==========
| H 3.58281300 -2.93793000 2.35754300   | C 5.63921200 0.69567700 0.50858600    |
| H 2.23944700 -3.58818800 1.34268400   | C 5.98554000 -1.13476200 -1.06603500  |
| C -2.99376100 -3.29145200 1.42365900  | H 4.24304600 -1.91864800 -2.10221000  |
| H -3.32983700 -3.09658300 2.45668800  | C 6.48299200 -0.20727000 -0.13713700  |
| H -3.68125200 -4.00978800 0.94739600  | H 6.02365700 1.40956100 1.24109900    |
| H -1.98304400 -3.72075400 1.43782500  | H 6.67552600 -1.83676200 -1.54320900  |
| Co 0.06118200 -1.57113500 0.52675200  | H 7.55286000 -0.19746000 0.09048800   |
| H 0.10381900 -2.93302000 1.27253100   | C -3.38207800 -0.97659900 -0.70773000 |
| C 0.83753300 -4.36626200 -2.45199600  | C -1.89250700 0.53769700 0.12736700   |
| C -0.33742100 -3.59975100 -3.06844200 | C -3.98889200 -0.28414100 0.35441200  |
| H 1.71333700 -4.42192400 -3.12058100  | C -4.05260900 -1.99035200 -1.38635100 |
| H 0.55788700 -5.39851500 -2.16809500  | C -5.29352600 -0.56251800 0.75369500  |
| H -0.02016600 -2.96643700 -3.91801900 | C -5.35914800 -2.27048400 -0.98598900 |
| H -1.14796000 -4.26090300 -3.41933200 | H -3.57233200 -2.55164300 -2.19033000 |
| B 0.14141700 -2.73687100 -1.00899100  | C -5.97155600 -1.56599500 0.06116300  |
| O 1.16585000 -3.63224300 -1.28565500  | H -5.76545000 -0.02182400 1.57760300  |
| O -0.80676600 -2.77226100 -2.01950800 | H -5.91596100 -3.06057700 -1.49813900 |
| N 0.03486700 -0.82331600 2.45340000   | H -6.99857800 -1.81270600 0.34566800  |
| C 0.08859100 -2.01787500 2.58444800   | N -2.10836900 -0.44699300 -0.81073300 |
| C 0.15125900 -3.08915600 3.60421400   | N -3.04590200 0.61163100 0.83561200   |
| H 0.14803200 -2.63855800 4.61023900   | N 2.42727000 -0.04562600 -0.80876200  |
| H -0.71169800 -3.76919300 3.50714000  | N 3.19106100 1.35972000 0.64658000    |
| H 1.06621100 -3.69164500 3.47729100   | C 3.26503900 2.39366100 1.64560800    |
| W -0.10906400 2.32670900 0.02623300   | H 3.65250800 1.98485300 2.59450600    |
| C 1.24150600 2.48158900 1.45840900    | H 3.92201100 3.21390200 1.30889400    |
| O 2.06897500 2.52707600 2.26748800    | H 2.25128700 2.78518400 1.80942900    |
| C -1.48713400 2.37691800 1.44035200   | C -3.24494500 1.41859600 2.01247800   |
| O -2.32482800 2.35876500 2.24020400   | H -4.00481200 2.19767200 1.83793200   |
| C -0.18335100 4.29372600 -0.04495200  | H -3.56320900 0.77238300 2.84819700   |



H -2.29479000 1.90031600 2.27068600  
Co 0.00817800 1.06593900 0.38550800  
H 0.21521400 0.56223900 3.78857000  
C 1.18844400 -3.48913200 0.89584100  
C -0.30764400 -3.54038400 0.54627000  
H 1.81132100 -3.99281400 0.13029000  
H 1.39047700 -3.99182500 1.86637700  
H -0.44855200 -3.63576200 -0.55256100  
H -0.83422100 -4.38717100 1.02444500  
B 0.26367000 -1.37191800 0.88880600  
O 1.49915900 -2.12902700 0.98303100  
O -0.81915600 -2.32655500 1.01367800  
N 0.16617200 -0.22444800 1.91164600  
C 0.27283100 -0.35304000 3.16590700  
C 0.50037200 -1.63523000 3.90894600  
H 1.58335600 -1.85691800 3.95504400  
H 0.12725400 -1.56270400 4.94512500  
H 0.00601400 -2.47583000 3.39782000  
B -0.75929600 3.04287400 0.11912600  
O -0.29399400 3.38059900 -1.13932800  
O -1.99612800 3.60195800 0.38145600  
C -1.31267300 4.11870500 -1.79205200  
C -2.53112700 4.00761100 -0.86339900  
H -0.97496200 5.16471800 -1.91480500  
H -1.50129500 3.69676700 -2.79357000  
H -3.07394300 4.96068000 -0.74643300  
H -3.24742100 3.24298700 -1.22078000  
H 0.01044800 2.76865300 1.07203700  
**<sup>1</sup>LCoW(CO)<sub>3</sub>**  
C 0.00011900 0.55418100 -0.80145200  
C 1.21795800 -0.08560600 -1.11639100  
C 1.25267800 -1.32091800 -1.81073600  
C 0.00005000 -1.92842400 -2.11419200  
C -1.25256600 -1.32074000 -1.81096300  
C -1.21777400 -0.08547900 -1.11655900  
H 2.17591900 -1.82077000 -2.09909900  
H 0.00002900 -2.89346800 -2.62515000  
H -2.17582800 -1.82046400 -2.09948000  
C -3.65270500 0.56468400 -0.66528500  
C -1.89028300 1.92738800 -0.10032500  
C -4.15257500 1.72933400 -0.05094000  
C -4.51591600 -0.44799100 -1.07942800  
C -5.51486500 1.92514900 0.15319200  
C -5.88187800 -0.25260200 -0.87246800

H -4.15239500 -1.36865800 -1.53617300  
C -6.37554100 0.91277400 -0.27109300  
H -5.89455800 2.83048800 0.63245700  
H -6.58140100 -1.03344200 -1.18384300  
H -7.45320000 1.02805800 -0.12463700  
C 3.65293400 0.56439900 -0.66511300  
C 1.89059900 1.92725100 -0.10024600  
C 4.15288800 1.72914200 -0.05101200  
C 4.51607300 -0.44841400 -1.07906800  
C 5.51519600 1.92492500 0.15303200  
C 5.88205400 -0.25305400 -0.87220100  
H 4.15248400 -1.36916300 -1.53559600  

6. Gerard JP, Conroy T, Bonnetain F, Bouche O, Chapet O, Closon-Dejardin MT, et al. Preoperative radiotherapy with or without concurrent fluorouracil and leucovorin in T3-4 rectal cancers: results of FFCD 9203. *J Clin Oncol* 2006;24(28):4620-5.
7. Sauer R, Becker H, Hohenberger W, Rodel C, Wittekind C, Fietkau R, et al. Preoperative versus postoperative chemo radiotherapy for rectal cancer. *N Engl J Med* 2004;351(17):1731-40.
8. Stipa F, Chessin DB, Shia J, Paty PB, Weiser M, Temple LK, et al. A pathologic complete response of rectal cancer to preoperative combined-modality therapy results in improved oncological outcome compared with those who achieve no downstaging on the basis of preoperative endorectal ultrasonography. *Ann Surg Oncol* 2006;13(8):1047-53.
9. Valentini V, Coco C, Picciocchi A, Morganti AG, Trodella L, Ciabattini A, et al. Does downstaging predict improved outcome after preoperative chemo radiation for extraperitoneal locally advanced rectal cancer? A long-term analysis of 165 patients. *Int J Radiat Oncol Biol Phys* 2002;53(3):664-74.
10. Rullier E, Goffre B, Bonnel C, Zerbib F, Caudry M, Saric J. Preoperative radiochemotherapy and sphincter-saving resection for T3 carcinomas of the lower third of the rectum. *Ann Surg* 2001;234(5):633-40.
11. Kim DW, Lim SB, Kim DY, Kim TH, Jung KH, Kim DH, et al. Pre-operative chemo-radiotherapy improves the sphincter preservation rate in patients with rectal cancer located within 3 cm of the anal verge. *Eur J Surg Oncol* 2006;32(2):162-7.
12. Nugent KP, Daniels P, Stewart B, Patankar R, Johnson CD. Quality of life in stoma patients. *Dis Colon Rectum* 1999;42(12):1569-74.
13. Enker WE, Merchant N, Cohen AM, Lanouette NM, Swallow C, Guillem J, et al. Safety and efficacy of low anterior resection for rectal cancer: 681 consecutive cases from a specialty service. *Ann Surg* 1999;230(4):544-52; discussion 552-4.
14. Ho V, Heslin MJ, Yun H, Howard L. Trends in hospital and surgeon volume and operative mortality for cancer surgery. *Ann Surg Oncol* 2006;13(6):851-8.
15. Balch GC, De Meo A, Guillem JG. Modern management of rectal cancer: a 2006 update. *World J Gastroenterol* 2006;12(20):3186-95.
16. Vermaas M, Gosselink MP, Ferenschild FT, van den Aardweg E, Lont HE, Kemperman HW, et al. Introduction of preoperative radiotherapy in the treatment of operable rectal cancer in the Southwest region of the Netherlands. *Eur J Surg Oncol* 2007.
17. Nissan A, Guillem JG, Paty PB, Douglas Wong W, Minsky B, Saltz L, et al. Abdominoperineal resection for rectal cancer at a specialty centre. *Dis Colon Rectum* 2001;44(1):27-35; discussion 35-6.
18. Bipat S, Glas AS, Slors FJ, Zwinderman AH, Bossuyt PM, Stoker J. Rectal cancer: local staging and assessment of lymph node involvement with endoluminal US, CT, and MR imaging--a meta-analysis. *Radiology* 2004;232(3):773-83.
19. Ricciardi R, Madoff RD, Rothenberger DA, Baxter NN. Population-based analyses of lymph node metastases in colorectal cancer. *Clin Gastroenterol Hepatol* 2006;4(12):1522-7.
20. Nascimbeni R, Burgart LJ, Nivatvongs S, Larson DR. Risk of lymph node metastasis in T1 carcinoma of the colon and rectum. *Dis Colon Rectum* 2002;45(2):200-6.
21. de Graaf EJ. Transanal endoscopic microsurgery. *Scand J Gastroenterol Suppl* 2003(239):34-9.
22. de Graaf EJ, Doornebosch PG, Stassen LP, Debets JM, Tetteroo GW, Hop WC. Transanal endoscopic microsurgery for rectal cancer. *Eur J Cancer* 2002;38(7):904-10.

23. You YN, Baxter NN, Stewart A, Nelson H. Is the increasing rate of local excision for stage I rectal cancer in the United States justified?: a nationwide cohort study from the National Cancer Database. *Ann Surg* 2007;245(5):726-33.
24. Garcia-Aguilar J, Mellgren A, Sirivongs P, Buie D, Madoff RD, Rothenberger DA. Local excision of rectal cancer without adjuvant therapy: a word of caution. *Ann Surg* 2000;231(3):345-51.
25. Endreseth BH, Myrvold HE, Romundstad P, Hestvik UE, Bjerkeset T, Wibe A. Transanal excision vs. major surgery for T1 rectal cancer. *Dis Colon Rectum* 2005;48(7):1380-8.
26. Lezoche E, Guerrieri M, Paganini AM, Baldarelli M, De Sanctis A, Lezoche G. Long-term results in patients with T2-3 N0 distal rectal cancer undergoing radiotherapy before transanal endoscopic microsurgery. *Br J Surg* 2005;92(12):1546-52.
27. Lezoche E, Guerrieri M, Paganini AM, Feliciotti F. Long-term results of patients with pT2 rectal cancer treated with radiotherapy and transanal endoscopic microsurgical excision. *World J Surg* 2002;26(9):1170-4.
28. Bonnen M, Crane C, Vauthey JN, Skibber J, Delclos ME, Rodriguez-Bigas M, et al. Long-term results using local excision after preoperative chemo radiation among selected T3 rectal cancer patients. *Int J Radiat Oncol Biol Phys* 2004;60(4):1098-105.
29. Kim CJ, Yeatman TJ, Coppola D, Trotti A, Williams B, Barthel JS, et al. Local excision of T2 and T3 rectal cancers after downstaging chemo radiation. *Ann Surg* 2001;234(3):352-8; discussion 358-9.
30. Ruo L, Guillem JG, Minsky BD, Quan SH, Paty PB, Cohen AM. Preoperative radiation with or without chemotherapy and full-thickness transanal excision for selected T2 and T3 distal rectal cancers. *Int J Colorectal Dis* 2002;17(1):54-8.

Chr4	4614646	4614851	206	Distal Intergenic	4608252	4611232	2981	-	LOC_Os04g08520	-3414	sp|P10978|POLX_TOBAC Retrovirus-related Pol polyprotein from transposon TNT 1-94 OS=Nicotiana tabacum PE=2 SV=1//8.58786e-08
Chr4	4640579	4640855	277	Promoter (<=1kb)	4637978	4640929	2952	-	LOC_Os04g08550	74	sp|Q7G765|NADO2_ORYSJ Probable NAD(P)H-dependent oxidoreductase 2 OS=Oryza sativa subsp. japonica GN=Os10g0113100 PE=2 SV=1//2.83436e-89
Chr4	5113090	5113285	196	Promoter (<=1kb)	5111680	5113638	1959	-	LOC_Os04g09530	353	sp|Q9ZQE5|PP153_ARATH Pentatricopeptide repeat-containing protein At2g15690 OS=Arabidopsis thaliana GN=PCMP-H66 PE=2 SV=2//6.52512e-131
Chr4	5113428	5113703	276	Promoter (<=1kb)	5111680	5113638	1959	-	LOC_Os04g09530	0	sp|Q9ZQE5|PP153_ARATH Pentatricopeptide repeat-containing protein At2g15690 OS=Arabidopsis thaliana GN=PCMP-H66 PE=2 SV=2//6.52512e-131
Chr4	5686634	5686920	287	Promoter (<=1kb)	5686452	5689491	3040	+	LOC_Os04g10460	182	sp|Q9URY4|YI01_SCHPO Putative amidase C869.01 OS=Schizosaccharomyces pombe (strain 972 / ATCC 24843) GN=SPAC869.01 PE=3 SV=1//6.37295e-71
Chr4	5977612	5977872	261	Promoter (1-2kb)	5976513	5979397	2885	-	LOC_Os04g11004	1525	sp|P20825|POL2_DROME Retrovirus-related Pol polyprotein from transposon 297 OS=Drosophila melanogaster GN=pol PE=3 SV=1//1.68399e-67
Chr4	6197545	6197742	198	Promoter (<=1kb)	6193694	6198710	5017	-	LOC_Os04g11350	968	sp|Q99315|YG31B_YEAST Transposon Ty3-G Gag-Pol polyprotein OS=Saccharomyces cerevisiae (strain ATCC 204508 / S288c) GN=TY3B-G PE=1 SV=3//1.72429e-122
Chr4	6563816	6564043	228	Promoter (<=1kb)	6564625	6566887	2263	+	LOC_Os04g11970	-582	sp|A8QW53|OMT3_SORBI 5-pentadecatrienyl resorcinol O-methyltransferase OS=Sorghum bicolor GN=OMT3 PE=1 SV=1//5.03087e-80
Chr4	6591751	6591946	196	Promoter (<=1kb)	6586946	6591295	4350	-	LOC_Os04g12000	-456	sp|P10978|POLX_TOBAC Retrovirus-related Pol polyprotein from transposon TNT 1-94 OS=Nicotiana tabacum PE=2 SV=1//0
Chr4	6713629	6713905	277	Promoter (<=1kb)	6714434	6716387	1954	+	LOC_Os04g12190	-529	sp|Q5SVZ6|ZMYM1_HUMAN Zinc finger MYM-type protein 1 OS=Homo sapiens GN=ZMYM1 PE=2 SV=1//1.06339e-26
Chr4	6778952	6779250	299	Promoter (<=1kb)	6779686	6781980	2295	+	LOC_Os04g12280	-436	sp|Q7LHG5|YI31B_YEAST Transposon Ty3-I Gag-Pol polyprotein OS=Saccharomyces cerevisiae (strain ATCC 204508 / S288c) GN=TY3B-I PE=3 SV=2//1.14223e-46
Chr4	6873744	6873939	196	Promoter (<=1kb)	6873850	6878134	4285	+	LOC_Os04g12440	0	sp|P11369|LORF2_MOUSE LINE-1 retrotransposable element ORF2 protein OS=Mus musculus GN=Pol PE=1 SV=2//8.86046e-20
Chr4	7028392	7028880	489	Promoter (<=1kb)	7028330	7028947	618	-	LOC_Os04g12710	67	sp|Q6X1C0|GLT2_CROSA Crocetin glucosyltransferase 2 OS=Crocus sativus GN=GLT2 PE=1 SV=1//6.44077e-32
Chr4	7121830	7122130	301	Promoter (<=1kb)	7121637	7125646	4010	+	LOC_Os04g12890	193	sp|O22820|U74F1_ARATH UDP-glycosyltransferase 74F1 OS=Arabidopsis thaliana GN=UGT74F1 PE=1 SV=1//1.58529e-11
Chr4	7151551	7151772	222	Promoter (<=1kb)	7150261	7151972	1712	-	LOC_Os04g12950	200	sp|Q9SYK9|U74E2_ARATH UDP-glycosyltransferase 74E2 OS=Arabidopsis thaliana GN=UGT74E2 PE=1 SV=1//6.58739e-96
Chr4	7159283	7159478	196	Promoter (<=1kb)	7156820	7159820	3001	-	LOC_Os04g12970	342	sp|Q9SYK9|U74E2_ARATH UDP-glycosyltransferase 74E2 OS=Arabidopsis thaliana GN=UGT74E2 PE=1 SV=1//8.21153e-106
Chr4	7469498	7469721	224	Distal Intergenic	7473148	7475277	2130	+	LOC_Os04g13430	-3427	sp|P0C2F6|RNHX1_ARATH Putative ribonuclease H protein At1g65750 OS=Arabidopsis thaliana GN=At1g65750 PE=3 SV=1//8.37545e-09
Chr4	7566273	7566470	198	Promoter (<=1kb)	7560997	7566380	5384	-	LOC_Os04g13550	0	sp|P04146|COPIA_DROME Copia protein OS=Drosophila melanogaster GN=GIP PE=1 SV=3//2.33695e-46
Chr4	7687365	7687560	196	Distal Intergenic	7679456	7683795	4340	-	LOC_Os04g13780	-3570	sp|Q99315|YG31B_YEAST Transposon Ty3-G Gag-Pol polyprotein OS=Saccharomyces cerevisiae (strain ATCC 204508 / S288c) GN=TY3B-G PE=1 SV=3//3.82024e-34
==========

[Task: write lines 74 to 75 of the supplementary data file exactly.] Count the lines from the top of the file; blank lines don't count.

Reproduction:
H -4.15239500 -1.36865800 -1.53617300  
C -6.37554100 0.91277400 -0.27109300  